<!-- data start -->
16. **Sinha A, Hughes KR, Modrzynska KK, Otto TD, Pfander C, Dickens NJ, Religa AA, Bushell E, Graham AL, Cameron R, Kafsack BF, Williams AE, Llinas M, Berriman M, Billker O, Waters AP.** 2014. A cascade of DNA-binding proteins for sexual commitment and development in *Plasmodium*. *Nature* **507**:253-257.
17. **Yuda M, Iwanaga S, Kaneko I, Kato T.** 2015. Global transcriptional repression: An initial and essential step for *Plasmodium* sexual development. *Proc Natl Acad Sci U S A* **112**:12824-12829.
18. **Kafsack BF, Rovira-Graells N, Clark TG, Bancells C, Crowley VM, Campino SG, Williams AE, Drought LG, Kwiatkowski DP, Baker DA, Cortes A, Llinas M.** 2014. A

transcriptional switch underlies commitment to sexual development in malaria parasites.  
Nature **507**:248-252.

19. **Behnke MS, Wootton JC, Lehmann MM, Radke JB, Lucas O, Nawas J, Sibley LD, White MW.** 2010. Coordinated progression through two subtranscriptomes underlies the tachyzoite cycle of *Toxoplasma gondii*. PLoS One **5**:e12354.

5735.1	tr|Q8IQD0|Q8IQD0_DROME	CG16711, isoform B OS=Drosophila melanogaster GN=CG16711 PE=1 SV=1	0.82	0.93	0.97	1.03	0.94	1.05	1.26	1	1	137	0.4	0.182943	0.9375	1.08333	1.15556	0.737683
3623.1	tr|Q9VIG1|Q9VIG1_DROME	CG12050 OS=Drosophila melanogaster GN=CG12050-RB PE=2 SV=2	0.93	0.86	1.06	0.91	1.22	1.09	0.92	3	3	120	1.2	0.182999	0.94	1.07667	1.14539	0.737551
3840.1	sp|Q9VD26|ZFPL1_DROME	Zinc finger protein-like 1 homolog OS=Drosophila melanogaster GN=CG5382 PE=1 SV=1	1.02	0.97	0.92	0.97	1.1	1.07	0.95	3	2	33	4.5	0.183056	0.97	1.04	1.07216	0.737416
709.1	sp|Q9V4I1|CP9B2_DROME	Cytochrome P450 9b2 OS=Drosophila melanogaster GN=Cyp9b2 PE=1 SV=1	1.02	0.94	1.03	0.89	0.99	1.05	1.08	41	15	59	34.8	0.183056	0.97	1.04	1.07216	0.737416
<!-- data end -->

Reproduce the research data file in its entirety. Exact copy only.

16. **Sinha A, Hughes KR, Modrzynska KK, Otto TD, Pfander C, Dickens NJ, Religa AA, Bushell E, Graham AL, Cameron R, Kafsack BF, Williams AE, Llinas M, Berriman M, Billker O, Waters AP.** 2014. A cascade of DNA-binding proteins for sexual commitment and development in *Plasmodium*. *Nature* **507**:253-257.
17. **Yuda M, Iwanaga S, Kaneko I, Kato T.** 2015. Global transcriptional repression: An initial and essential step for *Plasmodium* sexual development. *Proc Natl Acad Sci U S A* **112**:12824-12829.
18. **Kafsack BF, Rovira-Graells N, Clark TG, Bancells C, Crowley VM, Campino SG, Williams AE, Drought LG, Kwiatkowski DP, Baker DA, Cortes A, Llinas M.** 2014. A

transcriptional switch underlies commitment to sexual development in malaria parasites.  
Nature **507**:248-252.

19. **Behnke MS, Wootton JC, Lehmann MM, Radke JB, Lucas O, Nawas J, Sibley LD, White MW.** 2010. Coordinated progression through two subtranscriptomes underlies the tachyzoite cycle of *Toxoplasma gondii*. PLoS One **5**:e12354.

5735.1	tr|Q8IQD0|Q8IQD0_DROME	CG16711, isoform B OS=Drosophila melanogaster GN=CG16711 PE=1 SV=1	0.82	0.93	0.97	1.03	0.94	1.05	1.26	1	1	137	0.4	0.182943	0.9375	1.08333	1.15556	0.737683
3623.1	tr|Q9VIG1|Q9VIG1_DROME	CG12050 OS=Drosophila melanogaster GN=CG12050-RB PE=2 SV=2	0.93	0.86	1.06	0.91	1.22	1.09	0.92	3	3	120	1.2	0.182999	0.94	1.07667	1.14539	0.737551
3840.1	sp|Q9VD26|ZFPL1_DROME	Zinc finger protein-like 1 homolog OS=Drosophila melanogaster GN=CG5382 PE=1 SV=1	1.02	0.97	0.92	0.97	1.1	1.07	0.95	3	2	33	4.5	0.183056	0.97	1.04	1.07216	0.737416
709.1	sp|Q9V4I1|CP9B2_DROME	Cytochrome P450 9b2 OS=Drosophila melanogaster GN=Cyp9b2 PE=1 SV=1	1.02	0.94	1.03	0.89	0.99	1.05	1.08	41	15	59	34.8	0.183056	0.97	1.04	1.07216	0.737416